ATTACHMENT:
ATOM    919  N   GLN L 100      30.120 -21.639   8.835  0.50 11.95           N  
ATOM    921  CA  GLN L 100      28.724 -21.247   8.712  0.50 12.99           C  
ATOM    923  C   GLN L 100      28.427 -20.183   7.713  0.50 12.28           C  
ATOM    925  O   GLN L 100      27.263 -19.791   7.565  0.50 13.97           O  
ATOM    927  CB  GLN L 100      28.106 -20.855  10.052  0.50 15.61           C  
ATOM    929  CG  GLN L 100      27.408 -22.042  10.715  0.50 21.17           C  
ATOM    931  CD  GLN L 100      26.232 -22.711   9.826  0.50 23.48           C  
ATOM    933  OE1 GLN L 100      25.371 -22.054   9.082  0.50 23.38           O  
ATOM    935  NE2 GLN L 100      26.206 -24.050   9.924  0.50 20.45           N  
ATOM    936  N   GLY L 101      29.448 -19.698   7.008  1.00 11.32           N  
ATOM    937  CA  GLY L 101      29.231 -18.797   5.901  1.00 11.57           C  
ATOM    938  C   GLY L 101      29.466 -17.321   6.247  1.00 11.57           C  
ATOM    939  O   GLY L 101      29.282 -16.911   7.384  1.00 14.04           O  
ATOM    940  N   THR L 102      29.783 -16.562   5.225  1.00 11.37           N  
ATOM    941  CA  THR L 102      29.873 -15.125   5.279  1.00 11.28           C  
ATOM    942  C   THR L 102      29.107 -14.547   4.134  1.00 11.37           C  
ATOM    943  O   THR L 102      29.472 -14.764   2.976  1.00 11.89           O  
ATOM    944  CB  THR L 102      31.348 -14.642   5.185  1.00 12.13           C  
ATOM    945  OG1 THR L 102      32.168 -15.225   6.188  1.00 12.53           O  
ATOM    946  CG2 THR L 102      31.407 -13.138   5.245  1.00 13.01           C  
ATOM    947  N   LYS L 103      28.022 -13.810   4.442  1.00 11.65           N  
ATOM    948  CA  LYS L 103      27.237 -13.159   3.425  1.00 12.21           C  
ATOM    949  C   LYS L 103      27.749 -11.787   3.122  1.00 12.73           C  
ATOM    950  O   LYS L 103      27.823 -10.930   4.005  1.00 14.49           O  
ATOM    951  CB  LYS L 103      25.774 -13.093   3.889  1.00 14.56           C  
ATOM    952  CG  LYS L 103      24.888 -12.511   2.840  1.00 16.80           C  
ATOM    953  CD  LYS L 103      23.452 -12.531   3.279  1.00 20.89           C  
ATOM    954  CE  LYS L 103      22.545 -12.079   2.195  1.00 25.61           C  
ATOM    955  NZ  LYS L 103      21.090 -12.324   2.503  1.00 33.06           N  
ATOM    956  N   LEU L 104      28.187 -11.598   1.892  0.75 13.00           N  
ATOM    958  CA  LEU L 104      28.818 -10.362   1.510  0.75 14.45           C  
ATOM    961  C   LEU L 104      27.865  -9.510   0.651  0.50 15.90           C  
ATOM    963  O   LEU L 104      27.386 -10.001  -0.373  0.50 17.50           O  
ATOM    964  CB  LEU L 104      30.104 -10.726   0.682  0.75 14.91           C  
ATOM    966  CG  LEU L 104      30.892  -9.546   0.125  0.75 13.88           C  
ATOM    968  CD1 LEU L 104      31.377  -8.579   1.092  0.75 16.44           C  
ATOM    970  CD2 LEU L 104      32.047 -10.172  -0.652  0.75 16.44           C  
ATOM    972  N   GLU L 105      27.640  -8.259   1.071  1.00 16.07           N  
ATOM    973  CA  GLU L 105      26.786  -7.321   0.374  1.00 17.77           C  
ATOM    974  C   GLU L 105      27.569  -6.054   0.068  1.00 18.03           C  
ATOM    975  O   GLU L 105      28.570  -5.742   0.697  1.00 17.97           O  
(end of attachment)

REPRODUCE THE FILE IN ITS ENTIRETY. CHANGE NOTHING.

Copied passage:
ATOM    919  N   GLN L 100      30.120 -21.639   8.835  0.50 11.95           N  
ATOM    921  CA  GLN L 100      28.724 -21.247   8.712  0.50 12.99           C  
ATOM    923  C   GLN L 100      28.427 -20.183   7.713  0.50 12.28           C  
ATOM    925  O   GLN L 100      27.263 -19.791   7.565  0.50 13.97           O  
ATOM    927  CB  GLN L 100      28.106 -20.855  10.052  0.50 15.61           C  
ATOM    929  CG  GLN L 100      27.408 -22.042  10.715  0.50 21.17           C  
ATOM    931  CD  GLN L 100      26.232 -22.711   9.826  0.50 23.48           C  
ATOM    933  OE1 GLN L 100      25.371 -22.054   9.082  0.50 23.38           O  
ATOM    935  NE2 GLN L 100      26.206 -24.050   9.924  0.50 20.45           N  
ATOM    936  N   GLY L 101      29.448 -19.698   7.008  1.00 11.32           N  
ATOM    937  CA  GLY L 101      29.231 -18.797   5.901  1.00 11.57           C  
ATOM    938  C   GLY L 101      29.466 -17.321   6.247  1.00 11.57           C  
ATOM    939  O   GLY L 101      29.282 -16.911   7.384  1.00 14.04           O  
ATOM    940  N   THR L 102      29.783 -16.562   5.225  1.00 11.37           N  
ATOM    941  CA  THR L 102      29.873 -15.125   5.279  1.00 11.28           C  
ATOM    942  C   THR L 102      29.107 -14.547   4.134  1.00 11.37           C  
ATOM    943  O   THR L 102      29.472 -14.764   2.976  1.00 11.89           O  
ATOM    944  CB  THR L 102      31.348 -14.642   5.185  1.00 12.13           C  
ATOM    945  OG1 THR L 102      32.168 -15.225   6.188  1.00 12.53           O  
ATOM    946  CG2 THR L 102      31.407 -13.138   5.245  1.00 13.01           C  
ATOM    947  N   LYS L 103      28.022 -13.810   4.442  1.00 11.65           N  
ATOM    948  CA  LYS L 103      27.237 -13.159   3.425  1.00 12.21           C  
ATOM    949  C   LYS L 103      27.749 -11.787   3.122  1.00 12.73           C  
ATOM    950  O   LYS L 103      27.823 -10.930   4.005  1.00 14.49           O  
ATOM    951  CB  LYS L 103      25.774 -13.093   3.889  1.00 14.56           C  
ATOM    952  CG  LYS L 103      24.888 -12.511   2.840  1.00 16.80           C  
ATOM    953  CD  LYS L 103      23.452 -12.531   3.279  1.00 20.89           C  
ATOM    954  CE  LYS L 103      22.545 -12.079   2.195  1.00 25.61           C  
ATOM    955  NZ  LYS L 103      21.090 -12.324   2.503  1.00 33.06           N  
ATOM    956  N   LEU L 104      28.187 -11.598   1.892  0.75 13.00           N  
ATOM    958  CA  LEU L 104      28.818 -10.362   1.510  0.75 14.45           C  
ATOM    961  C   LEU L 104      27.865  -9.510   0.651  0.50 15.90           C  
ATOM    963  O   LEU L 104      27.386 -10.001  -0.373  0.50 17.50           O  
ATOM    964  CB  LEU L 104      30.104 -10.726   0.682  0.75 14.91           C  
ATOM    966  CG  LEU L 104      30.892  -9.546   0.125  0.75 13.88           C  
ATOM    968  CD1 LEU L 104      31.377  -8.579   1.092  0.75 16.44           C  
ATOM    970  CD2 LEU L 104      32.047 -10.172  -0.652  0.75 16.44           C  
ATOM    972  N   GLU L 105      27.640  -8.259   1.071  1.00 16.07           N  
ATOM    973  CA  GLU L 105      26.786  -7.321   0.374  1.00 17.77           C  
ATOM    974  C   GLU L 105      27.569  -6.054   0.068  1.00 18.03           C  
ATOM    975  O   GLU L 105      28.570  -5.742   0.697  1.00 17.97           O  